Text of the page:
There's a fairly decent example of something akin to this in the wild today: Athlon X3 processors. One core was disabled either for performace/stability issues (most likely) or to provide more X3 processors due to demand. We already see a plethora of motherboards with "unlock core" advertising, and many people attempting such. The core was disabled because it may cause your computer to crash, but people still want to unlock it and get an X4 for the price of an X3. Granted, they don't buy an X3 thinking they're going to get an X4, but it's a hope and they'll likely skimp and attempt and use those savings to buy a slightly better component of something else.
However, I only see this scheme working on laptops. If a desktop is involved, in two or three years, a $50 "upgrade" could be a new CPU that performs better than simply enabling HT on a 2-3yr old processor. I'm sure a QX6600 performs better than an E6600 with HT anyway, and they're even socket compatible. I'm sure some discount store still sells the leftovers (lowest is QX8300 or so now). And mentioning socket compatibility, perhaps this is why Intel changes its socket every year? That AM2+ socket is starting to look better and better.
note the intel site only shows it for windows, and windows 7 in particular. so your screwed if you want to run something else.
however, not really that new, certain there was an article on the reg, cant find it now. but AMD selling phenom II x2 that sometimes could be unlocked to giving you a working tri/quad core. and thats done in bios, remember when I was in college reading about how you could unlock athlons with a bit of solder etc.
>note the intel site only shows it for windows, and windows 7 in particular.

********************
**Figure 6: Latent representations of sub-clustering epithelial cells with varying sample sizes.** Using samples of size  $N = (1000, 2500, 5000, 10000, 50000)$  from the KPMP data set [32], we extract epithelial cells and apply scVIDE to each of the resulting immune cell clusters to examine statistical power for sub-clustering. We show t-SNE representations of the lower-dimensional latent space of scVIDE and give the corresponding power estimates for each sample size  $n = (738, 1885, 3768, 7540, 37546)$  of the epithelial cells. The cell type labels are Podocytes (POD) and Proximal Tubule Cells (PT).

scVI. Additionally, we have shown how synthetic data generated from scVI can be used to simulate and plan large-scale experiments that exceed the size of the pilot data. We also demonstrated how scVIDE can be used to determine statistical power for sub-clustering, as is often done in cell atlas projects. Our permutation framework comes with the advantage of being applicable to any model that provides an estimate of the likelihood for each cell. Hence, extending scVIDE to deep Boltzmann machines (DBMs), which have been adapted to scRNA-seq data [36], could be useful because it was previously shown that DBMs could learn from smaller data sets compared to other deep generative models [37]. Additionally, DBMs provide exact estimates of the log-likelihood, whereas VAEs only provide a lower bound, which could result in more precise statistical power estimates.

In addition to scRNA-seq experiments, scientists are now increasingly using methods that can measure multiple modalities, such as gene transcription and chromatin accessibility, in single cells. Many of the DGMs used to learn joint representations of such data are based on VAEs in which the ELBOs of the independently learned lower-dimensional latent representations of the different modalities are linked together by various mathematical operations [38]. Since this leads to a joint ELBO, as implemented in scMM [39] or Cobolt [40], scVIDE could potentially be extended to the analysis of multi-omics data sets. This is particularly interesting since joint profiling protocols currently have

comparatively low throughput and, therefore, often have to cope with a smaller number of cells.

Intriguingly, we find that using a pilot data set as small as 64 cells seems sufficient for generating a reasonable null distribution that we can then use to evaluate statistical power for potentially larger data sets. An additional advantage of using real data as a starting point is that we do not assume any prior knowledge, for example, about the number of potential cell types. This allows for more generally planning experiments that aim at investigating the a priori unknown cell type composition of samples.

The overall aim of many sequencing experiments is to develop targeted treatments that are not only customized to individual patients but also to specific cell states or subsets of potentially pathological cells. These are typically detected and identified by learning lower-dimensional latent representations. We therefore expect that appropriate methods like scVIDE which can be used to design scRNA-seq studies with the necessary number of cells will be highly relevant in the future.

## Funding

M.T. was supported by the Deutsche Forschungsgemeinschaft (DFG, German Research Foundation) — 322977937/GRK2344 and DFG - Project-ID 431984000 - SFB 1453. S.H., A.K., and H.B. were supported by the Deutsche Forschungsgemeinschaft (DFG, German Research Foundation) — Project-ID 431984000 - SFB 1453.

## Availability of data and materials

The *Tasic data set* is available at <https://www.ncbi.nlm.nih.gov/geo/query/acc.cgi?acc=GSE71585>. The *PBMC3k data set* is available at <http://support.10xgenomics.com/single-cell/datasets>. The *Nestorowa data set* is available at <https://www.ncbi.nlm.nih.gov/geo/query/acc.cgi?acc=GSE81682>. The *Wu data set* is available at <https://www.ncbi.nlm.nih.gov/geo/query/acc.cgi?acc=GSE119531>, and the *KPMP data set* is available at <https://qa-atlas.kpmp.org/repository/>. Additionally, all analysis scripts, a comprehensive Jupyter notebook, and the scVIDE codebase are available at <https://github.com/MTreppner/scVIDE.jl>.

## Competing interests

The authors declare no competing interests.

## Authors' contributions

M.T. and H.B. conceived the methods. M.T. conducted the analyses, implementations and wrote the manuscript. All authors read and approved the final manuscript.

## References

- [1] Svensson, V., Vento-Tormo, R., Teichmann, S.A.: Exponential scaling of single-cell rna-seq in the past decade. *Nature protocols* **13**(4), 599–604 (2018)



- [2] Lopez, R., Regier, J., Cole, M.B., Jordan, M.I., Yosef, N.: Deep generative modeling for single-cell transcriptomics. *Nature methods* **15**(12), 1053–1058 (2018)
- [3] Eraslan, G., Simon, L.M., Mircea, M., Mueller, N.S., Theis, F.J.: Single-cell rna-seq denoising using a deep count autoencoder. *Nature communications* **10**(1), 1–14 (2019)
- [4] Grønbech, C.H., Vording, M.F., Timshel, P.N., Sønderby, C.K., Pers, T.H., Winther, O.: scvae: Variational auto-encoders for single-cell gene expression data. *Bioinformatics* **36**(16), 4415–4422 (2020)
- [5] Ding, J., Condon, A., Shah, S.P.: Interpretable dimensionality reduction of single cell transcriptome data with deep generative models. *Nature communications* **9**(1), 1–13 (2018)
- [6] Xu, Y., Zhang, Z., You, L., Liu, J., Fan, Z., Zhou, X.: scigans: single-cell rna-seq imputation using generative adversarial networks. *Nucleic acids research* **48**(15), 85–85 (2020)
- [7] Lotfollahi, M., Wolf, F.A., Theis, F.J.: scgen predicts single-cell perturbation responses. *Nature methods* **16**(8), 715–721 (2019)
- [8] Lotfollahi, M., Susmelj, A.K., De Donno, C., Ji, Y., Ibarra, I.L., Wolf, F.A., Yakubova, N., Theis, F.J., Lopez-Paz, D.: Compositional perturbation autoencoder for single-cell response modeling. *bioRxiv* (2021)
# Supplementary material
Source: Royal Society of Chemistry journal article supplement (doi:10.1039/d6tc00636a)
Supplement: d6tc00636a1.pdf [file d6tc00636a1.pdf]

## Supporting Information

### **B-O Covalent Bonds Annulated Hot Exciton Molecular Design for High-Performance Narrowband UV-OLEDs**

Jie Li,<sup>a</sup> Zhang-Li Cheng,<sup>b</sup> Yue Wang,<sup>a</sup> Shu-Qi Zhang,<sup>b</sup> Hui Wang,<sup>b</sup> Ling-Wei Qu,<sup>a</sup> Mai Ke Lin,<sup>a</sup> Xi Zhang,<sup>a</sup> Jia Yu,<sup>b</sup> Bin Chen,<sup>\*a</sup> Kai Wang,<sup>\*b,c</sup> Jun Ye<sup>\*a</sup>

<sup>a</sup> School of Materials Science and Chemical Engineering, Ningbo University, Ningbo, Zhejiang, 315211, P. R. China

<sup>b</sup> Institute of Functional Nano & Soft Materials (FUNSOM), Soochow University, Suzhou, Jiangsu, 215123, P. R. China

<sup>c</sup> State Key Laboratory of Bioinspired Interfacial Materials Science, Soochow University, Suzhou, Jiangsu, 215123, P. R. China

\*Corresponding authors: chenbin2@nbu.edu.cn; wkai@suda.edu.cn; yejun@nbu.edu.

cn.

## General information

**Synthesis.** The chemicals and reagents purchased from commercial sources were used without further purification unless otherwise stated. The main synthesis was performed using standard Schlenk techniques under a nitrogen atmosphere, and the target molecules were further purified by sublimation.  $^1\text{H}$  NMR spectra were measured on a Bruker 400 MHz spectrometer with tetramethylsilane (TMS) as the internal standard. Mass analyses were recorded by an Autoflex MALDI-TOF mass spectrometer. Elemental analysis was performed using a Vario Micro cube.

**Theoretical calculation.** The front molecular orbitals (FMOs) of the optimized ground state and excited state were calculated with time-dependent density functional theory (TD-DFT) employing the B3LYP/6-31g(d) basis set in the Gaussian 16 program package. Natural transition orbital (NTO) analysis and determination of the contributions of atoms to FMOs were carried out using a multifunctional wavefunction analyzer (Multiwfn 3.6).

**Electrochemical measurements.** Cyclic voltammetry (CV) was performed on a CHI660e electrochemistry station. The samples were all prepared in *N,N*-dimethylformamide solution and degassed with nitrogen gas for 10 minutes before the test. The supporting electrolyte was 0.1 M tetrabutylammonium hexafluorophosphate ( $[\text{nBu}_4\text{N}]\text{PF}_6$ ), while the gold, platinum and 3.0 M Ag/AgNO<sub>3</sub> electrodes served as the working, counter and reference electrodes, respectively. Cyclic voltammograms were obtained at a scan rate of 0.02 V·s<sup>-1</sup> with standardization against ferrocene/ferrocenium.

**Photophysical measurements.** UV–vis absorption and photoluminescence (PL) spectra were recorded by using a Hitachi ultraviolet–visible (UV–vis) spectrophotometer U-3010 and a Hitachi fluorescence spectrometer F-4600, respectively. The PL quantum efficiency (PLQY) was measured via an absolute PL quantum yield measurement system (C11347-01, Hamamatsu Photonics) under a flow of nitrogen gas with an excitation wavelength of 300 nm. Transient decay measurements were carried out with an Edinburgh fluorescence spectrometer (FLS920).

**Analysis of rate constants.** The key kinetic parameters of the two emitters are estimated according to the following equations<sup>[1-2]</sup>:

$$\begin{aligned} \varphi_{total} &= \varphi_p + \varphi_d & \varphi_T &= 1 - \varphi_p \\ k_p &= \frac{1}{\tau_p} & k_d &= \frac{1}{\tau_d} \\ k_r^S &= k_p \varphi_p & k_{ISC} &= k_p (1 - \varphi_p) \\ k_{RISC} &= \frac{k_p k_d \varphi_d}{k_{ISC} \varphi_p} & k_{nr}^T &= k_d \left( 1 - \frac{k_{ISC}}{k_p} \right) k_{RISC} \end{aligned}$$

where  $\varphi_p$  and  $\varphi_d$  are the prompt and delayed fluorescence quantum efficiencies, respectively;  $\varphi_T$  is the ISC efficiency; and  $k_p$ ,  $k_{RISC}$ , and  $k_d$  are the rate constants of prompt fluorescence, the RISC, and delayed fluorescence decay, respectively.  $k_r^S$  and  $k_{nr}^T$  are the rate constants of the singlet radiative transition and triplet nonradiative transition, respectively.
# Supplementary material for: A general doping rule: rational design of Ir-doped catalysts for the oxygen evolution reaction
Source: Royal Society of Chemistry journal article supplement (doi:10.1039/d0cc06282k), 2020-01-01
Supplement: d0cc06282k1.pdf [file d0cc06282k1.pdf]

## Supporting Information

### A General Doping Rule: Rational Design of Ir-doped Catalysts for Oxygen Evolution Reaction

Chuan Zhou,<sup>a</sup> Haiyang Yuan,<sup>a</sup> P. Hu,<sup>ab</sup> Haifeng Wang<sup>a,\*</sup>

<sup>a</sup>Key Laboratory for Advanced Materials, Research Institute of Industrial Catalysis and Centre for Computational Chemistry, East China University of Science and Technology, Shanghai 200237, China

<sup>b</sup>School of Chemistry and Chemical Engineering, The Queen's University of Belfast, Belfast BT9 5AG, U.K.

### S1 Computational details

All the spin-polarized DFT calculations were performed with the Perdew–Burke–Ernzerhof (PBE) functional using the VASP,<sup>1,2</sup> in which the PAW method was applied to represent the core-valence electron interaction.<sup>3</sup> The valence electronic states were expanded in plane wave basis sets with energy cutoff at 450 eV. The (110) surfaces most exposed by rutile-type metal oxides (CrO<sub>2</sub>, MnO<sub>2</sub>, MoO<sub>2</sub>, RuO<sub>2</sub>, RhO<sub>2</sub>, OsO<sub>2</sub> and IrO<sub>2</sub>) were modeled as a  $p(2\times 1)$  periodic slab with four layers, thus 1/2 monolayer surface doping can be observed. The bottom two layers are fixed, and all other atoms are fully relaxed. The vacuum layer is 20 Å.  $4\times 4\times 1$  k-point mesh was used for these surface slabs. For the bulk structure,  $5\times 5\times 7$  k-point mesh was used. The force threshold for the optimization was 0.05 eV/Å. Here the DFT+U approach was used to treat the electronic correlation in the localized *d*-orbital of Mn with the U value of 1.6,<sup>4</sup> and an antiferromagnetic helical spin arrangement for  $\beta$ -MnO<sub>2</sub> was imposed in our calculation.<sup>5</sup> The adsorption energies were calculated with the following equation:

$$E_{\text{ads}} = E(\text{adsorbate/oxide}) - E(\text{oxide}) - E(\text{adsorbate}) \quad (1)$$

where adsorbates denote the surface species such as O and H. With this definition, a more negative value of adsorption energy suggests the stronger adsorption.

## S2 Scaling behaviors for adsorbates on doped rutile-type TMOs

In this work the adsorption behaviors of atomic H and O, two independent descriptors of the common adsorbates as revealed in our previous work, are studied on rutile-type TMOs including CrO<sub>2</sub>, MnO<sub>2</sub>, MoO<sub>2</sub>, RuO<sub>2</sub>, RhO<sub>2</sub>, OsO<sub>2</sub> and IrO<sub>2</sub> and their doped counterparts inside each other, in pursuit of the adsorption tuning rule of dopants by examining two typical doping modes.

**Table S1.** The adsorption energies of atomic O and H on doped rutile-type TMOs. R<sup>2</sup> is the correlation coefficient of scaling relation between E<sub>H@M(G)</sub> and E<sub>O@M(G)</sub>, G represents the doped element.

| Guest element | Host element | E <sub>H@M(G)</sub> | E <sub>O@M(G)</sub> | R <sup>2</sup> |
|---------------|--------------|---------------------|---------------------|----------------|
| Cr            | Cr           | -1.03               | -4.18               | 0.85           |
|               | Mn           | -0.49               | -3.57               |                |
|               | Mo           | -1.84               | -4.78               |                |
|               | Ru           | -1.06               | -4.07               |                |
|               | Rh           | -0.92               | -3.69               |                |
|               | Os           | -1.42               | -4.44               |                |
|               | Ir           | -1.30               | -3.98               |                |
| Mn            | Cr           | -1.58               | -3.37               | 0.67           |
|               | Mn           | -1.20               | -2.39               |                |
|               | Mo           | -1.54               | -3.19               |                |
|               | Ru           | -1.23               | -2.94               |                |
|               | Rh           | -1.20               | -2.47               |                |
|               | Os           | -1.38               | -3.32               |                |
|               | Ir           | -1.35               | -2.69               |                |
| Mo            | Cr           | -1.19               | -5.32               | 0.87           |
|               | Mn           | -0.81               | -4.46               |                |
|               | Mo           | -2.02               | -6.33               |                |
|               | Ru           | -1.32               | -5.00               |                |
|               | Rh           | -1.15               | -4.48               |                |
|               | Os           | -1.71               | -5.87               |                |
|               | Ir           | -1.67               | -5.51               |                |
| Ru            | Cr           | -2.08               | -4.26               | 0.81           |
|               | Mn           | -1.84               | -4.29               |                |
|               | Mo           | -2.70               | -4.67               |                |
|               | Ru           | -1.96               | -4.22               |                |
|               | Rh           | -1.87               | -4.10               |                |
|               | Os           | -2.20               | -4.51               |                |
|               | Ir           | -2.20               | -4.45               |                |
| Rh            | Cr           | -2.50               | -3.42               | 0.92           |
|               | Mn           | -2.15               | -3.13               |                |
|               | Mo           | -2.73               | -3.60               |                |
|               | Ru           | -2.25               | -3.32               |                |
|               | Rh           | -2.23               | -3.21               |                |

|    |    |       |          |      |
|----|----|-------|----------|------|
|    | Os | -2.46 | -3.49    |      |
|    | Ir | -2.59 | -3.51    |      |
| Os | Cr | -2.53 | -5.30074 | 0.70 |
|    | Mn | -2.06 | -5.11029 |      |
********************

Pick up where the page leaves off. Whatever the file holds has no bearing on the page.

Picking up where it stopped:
Intel already releases firmware patches for processors and has for many years. The tricky thing is preventing malware from "updating" your cpu, so any OS that supports CPU patching requires a properly signed patch.
So what you are looking at for Windows 7 is the signed licence package.
Why does this seem like a bad idea? Because every transistor that is put on a chip costs money. The larger a chip is, the lower the yields are. This means that either these upgradeable chips could be sold at a profit by Intel if they were sold with the maximum capabilities available, but at the price of a chip with the minimum capabilities, or they would risk losing money on making them.
Hence, clearly the only way a scheme like this can work is if Intel is not, in fact, selling chips into a brutally competitive market on razor-thin margins. If that is the case, clearly there is an urgent need for government intervention.
1) When process yields are low, nobody minds that chips with defective cores or cache are sold as lower end models. A Phenom X4 sells for 100% over cost, and Athlon X2 might only sell for 15% over cost.
2) When process yields are high, every chip could be made into a Phenom X4 but there is still demand for Athlon X2 for use in low-end systems. System builders won't pay and don't need so much power, so some chips are made into Athlon X2s, so that AMD can sell more chips and make more overall profit.
3) To prevent remarking and other arbitrage, the disabling mechanism is a combination of shorting some fuses (permanent damage.) In addition, a code on the CPU instructs the BIOS which cores on the CPU are usable.
4) Intel has developed a software-based system that can make a static change to the CPU's configuration. "The upgrade enables changes to the firmware (driven by the Intel® Active Management Technology Management Engine in the chipset) that in turn modify the hardware."
The actual mechanism is not described but I would guess that the chipset is shorting some fuses on the CPU to *enable* the cache and hyperthreading.
This means that it is no longer necessary for the CPU manufacturers to permanently limit a CPU for marketing reasons. It's the same business model, just with more flexibility.